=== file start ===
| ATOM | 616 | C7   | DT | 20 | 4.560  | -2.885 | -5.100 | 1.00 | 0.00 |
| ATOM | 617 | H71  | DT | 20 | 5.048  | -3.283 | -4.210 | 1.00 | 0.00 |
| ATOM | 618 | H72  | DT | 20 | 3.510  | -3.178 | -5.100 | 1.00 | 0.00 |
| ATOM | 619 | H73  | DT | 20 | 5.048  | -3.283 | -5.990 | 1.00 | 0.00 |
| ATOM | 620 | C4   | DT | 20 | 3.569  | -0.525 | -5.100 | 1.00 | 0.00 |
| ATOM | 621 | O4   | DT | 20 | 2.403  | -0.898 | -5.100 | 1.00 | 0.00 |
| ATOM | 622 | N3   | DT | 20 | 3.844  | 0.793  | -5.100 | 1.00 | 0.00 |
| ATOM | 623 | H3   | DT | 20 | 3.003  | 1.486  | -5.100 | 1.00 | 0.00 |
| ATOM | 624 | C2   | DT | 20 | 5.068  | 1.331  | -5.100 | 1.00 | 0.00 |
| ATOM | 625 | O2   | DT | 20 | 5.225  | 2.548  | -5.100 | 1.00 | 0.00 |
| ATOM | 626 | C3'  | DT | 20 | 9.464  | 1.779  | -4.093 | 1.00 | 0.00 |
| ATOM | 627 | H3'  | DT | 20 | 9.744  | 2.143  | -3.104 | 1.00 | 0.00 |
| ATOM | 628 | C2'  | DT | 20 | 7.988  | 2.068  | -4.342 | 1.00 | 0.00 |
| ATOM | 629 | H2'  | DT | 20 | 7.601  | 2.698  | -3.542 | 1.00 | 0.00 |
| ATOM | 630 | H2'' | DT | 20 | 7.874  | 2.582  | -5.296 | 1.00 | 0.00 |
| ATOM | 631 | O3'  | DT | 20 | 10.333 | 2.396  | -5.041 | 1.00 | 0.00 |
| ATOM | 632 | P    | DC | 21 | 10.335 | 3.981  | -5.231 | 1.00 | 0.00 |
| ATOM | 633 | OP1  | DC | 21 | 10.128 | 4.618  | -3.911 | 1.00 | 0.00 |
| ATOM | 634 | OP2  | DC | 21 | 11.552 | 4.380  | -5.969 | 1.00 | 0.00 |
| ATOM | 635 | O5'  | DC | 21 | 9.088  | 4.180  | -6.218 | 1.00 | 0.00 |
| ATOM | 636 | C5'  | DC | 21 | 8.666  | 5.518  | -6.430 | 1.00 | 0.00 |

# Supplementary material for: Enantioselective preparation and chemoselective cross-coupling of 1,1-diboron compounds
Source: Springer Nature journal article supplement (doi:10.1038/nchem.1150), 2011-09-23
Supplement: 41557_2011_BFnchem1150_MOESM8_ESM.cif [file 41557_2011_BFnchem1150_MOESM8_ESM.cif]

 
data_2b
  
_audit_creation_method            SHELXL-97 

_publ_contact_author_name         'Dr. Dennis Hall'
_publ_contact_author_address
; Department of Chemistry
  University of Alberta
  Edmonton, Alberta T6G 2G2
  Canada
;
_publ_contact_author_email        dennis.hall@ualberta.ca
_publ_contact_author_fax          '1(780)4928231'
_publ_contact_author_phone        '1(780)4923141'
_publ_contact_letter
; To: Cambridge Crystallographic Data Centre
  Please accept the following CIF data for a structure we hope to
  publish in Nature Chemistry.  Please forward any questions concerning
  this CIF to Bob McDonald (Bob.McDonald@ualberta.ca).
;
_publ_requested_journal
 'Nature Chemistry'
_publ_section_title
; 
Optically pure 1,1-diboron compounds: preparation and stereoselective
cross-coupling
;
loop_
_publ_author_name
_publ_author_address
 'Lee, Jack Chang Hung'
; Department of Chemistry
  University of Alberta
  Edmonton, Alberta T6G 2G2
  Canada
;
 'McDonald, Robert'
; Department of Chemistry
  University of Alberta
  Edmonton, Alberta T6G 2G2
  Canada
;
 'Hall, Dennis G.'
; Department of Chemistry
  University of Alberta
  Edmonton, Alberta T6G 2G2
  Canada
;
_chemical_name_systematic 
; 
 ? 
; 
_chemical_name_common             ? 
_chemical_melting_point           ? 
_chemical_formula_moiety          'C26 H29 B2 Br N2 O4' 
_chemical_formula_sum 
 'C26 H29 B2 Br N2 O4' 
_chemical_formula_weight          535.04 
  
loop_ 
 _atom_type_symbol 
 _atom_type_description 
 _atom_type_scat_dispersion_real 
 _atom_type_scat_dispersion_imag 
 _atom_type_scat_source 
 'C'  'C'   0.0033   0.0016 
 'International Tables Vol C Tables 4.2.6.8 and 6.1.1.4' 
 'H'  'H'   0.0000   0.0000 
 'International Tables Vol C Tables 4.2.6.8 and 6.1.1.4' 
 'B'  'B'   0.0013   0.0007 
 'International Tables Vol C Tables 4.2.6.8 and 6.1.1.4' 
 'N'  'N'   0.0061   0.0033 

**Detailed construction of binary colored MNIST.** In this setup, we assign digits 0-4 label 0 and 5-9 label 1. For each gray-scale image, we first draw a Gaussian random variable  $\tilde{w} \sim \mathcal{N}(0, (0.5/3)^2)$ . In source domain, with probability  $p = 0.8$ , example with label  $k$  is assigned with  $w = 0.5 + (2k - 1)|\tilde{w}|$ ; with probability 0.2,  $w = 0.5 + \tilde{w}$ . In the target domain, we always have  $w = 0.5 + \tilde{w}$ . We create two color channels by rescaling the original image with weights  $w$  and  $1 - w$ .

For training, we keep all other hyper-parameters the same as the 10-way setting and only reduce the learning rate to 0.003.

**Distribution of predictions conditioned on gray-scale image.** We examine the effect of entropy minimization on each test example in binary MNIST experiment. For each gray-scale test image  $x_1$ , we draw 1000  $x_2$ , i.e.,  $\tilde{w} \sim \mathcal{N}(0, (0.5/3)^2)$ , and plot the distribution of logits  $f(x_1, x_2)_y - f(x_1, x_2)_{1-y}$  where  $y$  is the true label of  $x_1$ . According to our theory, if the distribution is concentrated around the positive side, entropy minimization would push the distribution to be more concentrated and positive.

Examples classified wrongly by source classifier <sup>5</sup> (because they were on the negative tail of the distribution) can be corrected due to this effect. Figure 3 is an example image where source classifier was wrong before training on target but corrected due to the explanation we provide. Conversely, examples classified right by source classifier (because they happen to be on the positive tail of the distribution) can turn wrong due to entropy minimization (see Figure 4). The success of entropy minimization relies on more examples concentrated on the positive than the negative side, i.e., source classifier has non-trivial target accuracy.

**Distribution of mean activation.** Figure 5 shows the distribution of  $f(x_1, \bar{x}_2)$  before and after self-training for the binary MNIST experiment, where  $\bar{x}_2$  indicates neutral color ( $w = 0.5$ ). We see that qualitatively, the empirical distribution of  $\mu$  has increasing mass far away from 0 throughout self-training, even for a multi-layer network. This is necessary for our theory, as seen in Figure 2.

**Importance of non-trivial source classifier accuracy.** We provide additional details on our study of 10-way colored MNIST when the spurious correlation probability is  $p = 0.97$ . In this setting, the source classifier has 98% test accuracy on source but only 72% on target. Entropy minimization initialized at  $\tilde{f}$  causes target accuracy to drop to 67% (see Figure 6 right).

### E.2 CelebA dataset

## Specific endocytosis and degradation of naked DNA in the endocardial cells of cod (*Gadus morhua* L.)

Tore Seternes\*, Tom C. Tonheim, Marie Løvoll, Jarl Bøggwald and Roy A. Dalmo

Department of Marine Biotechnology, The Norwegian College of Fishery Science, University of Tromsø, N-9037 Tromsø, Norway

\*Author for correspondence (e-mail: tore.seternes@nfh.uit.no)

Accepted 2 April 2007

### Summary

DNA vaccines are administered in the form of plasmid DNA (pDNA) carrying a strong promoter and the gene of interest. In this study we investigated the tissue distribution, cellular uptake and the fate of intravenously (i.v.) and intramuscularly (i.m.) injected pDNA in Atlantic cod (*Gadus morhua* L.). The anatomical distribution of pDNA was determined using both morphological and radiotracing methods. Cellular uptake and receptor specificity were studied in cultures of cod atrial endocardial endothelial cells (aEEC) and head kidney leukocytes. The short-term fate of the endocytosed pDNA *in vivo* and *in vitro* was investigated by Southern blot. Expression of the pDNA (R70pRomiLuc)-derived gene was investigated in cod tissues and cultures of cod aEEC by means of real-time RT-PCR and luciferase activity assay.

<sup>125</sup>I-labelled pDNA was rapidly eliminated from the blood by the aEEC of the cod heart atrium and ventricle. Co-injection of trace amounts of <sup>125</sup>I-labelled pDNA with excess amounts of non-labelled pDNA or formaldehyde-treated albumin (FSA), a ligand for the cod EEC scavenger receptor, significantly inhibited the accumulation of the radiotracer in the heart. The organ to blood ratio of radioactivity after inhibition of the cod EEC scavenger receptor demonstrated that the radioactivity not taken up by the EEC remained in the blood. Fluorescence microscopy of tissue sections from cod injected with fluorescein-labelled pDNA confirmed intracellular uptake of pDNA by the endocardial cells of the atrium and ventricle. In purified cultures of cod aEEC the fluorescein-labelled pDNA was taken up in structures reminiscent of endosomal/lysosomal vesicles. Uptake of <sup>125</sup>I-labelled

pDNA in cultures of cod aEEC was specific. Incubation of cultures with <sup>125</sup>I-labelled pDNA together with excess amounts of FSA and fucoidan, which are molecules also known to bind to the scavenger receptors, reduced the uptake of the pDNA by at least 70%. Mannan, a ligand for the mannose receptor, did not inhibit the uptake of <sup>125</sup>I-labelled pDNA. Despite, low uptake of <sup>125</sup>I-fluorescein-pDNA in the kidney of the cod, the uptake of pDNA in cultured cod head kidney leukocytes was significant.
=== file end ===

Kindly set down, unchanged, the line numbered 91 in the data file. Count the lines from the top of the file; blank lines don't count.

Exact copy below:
 'B'  'B'   0.0013   0.0007 